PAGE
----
Publishing | French satirical magazine Charlie Hebdo will release a special double-size issue on Jan. 6 commemorating the one-year anniversary of the jihadist attack on its Paris office by that left 12 people dead. One million copies will be produced of the issue, which will feature drawings by the cartoonists killed in the massacre, as well as illustrations by current staff members. A special “survivors issue” released after the attack sold 7.5 million copies worldwide. [The Guardian]
Comics | Keith Chow, editor of The Nerds of Color, responds to the New York Times opinion column that questioned the very concept of an Asian superhero, pointing out that there have actually been a number of successful Asian superheroes, several of whom debuted this year; that contrary to what the writer Umapagan Ampikaipakan says, there are a lot of superheroes in manga; and that the story of Superman, the original superhero, was essentially an immigrant story. “Coincidentally, Ampikaipakan derisively refers to Kamala Khan’s storyline in ‘Ms. Marvel’ as ‘merely another retelling of the classic American immigrant experience,’ and therefore not worthy of the universality of the superhero archetype,” Chow writes. “I guess immigrant experiences only matter so long as the immigrant isn’t brown.” [NBC News]
Comic strips | The end of Edge City has generated a conversation about newspaper comics in general. As co-creator Ray LaBan says, creating a comic strip was his childhood fantasy, and he got to do it, “But I got to do it when everybody stopped paying attention.” This article takes a broad view, looking at the fact that newspapers’ budgets for comics, like everything else, are shrinking, online portals are providing alternatives, and readers’ strong preferences for legacy strips like Beetle Bailey and Blondie, as well as safe topics, are limiting the opportunities for new strips. Universal UClick launches one new strip a year, according to president John Glynn. On the other hand, creator Brad Guigar is taking his comic Evil Inc. out of the Inquirer because he can do better with a more mature version, published online and supported through Patreon. With interviews with the syndicates, a newspaper features editor, and creators, this piece is a well rounded look at the current state of syndicated comics. [The Philadelphia Inquirer]
Publishing | Calvin Reid and Heidi MacDonald assemble a roundtable of comics insiders to for a detailed discussion of how the graphic novel market has evolved over the past 10 years, how their own business models have evolved, and what challenges they expect the future to bring. “Graphic novels are now firmly established in the book market worldwide in every genre: superhero, creator-owned, kids, middle-grade, young adult, webcomic, media tie-ins … etc,” says Kuo-Yu Liang, vice president of sales & marketing for Diamond Book Distributors. “While the overall book business is flat, most retailers are reporting comics/graphic novels and related merchandise as one of the few segments growing.” [Publishers Weekly]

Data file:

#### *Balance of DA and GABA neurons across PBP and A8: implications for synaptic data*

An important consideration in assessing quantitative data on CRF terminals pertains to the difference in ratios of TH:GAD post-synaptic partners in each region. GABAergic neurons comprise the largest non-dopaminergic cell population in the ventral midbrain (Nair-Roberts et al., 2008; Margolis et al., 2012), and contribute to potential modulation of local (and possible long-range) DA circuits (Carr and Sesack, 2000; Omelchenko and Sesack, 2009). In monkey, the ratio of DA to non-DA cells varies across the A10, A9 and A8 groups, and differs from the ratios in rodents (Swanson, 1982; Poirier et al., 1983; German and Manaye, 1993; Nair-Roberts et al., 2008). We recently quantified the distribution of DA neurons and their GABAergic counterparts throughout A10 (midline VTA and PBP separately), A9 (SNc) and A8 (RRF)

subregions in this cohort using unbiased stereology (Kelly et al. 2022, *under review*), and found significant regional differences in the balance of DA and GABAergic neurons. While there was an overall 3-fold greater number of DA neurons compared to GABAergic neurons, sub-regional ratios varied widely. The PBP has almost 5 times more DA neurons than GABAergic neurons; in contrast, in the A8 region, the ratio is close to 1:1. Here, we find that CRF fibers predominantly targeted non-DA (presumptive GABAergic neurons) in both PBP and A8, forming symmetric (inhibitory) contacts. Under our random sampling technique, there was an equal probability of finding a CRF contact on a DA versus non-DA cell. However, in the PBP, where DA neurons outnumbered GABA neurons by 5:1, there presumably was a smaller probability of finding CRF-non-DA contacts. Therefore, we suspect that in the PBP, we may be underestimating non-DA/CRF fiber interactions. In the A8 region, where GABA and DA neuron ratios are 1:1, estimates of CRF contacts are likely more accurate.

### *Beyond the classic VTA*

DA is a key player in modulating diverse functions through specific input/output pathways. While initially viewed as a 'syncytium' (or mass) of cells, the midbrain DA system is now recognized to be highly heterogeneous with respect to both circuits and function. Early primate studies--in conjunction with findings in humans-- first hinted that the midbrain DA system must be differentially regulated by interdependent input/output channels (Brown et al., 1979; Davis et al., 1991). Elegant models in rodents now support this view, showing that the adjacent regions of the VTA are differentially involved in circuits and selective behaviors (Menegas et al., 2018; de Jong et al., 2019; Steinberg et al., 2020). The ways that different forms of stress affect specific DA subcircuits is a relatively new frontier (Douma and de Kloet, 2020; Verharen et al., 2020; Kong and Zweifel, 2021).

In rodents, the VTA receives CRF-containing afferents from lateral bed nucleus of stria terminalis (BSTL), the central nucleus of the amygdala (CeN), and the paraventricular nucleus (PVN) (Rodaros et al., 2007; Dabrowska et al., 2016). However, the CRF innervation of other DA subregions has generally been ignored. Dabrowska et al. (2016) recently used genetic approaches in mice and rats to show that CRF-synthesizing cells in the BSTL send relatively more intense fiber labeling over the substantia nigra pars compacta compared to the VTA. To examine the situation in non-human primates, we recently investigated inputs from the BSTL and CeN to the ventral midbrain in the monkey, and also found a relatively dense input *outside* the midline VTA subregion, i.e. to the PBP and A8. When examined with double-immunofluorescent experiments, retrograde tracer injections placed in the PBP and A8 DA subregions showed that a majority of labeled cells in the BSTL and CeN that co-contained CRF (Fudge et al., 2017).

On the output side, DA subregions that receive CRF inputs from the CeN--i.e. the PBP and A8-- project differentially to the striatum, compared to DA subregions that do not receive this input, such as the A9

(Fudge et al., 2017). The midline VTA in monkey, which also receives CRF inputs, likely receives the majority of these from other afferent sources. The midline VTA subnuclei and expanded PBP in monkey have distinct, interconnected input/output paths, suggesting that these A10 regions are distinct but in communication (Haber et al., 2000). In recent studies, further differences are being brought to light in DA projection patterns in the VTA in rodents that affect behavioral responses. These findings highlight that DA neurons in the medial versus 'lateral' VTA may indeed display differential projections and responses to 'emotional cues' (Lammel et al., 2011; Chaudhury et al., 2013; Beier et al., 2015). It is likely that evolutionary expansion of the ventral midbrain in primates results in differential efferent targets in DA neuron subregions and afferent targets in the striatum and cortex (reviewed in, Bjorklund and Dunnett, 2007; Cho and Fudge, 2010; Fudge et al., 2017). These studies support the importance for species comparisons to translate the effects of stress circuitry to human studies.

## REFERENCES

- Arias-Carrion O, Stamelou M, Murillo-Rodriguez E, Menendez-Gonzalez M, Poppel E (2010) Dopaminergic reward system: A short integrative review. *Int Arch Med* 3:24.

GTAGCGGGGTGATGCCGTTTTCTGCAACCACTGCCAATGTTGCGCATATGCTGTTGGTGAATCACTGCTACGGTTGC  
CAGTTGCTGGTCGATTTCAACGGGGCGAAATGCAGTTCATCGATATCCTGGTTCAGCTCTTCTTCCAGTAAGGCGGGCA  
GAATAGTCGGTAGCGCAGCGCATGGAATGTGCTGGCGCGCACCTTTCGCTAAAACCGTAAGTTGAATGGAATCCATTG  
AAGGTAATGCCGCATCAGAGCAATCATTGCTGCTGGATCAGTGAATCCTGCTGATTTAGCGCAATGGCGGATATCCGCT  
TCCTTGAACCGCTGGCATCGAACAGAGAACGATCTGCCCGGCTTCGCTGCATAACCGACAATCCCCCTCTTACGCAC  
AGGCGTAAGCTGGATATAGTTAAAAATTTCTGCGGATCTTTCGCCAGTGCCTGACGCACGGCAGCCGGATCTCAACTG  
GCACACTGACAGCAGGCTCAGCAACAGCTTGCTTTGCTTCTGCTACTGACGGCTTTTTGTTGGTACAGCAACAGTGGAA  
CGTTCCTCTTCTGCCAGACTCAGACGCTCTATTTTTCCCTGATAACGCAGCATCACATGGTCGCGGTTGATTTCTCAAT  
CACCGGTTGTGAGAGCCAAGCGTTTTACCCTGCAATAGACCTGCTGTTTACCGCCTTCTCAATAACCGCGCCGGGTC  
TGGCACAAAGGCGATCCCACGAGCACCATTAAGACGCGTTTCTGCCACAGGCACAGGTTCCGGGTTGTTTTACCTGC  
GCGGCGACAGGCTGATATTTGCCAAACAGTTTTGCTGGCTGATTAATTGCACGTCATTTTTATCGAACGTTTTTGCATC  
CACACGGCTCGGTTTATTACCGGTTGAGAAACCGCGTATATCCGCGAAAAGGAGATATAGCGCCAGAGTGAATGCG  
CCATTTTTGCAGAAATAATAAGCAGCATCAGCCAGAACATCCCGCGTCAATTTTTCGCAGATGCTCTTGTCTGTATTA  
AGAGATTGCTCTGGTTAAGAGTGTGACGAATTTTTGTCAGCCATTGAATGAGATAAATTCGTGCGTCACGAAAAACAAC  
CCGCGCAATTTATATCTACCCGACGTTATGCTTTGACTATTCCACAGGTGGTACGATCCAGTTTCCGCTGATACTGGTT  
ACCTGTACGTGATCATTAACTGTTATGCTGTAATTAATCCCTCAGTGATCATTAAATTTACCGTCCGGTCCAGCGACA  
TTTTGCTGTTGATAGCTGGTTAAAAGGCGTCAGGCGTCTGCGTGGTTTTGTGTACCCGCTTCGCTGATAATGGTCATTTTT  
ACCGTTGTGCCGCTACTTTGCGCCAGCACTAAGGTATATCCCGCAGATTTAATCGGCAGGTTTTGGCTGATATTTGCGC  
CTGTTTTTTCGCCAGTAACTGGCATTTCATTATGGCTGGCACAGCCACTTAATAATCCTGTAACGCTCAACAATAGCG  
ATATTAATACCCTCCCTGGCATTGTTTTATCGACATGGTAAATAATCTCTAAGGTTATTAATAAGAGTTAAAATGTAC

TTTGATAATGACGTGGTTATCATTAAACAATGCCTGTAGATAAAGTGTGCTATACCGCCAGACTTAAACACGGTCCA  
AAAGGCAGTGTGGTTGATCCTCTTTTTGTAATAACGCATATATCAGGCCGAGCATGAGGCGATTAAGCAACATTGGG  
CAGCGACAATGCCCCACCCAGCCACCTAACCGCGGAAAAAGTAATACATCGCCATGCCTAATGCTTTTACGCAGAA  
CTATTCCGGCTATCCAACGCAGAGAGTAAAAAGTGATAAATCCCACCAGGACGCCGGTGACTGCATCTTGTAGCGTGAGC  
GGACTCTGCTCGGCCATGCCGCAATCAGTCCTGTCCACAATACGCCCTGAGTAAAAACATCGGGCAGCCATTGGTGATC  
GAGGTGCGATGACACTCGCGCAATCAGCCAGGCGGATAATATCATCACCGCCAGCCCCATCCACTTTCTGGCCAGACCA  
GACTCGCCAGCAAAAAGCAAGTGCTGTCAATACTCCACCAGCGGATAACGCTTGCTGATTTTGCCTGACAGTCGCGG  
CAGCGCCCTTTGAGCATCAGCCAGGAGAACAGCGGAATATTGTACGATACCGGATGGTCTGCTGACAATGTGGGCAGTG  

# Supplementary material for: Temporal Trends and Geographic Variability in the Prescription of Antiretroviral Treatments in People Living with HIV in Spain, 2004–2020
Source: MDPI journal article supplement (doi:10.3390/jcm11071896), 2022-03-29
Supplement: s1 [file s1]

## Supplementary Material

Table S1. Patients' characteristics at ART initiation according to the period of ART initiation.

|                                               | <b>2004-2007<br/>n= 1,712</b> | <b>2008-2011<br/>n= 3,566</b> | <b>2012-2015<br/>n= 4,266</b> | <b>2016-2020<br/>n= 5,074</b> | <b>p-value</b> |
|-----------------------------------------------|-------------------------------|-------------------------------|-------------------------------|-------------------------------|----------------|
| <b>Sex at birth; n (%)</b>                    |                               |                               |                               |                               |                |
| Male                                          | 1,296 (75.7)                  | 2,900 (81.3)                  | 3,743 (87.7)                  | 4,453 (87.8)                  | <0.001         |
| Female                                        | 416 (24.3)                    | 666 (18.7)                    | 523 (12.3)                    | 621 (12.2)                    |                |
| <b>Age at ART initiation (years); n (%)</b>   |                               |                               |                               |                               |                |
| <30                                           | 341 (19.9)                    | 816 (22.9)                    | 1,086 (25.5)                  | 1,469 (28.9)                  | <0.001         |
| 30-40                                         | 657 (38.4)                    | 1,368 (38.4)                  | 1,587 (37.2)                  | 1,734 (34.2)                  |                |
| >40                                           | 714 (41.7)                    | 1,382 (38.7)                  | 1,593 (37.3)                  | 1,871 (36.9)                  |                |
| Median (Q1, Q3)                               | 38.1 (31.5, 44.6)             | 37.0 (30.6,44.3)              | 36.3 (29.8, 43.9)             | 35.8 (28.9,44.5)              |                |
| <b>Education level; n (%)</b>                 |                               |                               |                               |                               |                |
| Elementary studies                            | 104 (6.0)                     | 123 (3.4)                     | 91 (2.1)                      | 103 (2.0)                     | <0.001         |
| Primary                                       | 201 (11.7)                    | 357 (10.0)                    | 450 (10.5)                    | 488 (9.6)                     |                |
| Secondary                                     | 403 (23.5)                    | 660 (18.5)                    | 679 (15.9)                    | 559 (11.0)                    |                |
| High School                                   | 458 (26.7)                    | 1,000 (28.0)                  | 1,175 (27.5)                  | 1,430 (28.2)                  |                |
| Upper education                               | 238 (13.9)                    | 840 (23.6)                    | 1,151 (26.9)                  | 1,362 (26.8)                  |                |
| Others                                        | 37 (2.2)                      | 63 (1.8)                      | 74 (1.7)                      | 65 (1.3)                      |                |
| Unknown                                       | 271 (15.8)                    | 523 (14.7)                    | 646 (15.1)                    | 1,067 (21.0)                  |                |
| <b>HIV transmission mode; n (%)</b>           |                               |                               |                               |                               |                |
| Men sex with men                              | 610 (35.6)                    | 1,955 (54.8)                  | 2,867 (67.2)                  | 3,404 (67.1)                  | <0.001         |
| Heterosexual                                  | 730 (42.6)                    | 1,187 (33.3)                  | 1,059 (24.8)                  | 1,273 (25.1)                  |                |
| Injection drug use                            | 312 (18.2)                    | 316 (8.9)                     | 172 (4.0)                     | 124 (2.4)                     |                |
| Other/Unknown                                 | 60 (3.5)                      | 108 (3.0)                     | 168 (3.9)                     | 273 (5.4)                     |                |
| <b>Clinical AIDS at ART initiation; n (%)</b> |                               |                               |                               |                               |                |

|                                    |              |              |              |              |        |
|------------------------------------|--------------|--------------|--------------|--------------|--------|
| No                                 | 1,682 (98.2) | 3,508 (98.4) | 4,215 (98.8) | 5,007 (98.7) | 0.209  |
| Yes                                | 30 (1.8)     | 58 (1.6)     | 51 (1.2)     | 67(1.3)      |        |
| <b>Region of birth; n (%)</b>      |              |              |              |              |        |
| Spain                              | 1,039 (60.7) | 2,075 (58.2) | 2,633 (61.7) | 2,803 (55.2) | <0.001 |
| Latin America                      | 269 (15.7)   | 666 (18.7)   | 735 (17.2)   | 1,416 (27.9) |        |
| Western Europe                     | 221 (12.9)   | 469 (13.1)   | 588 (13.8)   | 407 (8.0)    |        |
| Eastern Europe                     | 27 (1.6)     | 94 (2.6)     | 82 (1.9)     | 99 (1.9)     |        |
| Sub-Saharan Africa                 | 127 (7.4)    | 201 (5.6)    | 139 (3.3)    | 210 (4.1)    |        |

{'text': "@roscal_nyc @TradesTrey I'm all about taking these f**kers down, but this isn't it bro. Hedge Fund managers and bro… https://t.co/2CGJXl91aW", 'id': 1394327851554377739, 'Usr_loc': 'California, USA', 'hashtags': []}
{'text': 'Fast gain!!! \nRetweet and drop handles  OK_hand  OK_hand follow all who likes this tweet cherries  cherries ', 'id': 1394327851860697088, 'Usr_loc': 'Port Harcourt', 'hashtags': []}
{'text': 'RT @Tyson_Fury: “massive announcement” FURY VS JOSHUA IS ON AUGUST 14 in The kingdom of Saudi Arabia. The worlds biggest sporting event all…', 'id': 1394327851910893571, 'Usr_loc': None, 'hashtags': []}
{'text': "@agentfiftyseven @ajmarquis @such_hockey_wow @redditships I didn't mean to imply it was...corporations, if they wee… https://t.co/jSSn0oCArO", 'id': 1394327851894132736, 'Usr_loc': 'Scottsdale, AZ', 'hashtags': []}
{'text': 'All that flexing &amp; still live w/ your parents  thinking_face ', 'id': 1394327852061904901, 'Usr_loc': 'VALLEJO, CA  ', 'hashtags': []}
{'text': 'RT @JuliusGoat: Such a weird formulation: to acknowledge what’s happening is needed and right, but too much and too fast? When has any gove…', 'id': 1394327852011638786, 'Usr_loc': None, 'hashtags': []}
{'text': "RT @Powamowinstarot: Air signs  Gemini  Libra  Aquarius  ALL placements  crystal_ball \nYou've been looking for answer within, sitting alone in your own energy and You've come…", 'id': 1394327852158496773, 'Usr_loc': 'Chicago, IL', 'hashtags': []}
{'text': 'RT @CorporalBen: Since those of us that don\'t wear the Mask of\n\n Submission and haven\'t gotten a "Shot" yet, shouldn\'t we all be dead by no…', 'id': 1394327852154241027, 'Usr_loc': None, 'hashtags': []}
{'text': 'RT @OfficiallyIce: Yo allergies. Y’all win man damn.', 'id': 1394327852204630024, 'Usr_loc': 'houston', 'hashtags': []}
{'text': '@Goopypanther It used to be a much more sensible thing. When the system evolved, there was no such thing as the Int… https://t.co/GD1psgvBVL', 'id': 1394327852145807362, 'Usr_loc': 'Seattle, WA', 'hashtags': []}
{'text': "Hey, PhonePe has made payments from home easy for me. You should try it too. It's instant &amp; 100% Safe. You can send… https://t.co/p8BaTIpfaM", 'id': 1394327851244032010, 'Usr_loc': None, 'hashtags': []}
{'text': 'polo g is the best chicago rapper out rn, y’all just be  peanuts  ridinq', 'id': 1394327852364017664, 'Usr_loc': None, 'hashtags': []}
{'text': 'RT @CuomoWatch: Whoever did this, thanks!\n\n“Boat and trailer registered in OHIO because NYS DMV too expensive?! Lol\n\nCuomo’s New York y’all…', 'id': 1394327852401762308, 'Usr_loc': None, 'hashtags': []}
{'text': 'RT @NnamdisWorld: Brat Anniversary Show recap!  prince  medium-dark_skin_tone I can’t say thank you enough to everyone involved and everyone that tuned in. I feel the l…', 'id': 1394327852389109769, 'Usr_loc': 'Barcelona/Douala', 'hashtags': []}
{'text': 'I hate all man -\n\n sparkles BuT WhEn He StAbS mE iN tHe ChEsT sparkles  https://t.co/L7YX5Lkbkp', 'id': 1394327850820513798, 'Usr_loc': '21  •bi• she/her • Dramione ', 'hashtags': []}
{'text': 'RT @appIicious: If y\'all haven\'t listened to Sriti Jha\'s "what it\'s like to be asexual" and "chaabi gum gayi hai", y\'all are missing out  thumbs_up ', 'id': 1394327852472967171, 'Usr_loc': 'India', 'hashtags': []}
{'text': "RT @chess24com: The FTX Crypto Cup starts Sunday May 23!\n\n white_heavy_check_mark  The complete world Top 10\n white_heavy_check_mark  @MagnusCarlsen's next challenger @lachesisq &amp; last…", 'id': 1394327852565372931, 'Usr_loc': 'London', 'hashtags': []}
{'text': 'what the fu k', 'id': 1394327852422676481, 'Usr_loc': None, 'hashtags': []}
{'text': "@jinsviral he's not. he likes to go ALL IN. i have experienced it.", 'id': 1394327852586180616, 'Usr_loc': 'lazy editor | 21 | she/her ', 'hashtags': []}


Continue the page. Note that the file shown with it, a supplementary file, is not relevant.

The 43rd Angouleme International Comics Festival takes place next month, and the organizers have released their list of nominated works in four categories: the Sélection Officielle (the general category), Sélection Jeunesse (young people), Sélection Patrimoine (classics and reprints) and Sélection Polar (mysteries and thrillers).
These graphic novels are eligible for the juried prizes at the festival, and they also make a pretty good reading list that spans the range of graphic novels being made today in Europe, North America, and Japan. As is usually the case, many have been published in English, so I’ll include the English titles, where they are different from the French titles, in parentheses.
Crime | An alert employee of JHU Comic Books in Staten Island helped foil a would-be shoplifter who was trying to make off with $114 worth of comics in his pants. According to police, Dani Ward noticed that Nicholas Perciballi, 22, was acting nervous, and she suspected he might be up to something, so she kept her eye on him as he shopped. Sure enough, as he was leaving the store, he allegedly dropped some comics from underneath his shirt. Ward reportedly called out and ran after Perciballi, then called the cops, who picked him up about 20 minutes later. When he was searched, police say they found four packets of heroin and a number of comics hidden in his clothes. Perciballi has been arrested three times in recent months on drug charges, and he allegedly told police, “I’m selling to support my habit and to cover my court fees from my last case.” [New York Daily News]
Julia Wertz, creator of the wry graphic memoirs The Fart Party, Drinking at the Movies and The Infinite Wait, has turned her hand to a different sort of subject matter: little-known aspects of the history of New York City.
The comics run in The New Yorker under the title “N.Y.C. Mystery History Hour,” and the subjects so far include Fiorello LaGuardia’s ban on pinball machines, the story of Bottle Beach in Dead Horse Bay, the fate of the uniquely designed lampposts made for the 1964-45 World’s Fair and, most recently, the Hess Spite Triangle. She has also done a fascinating then-and-now piece on the theaters of Greenpoint, Brooklyn.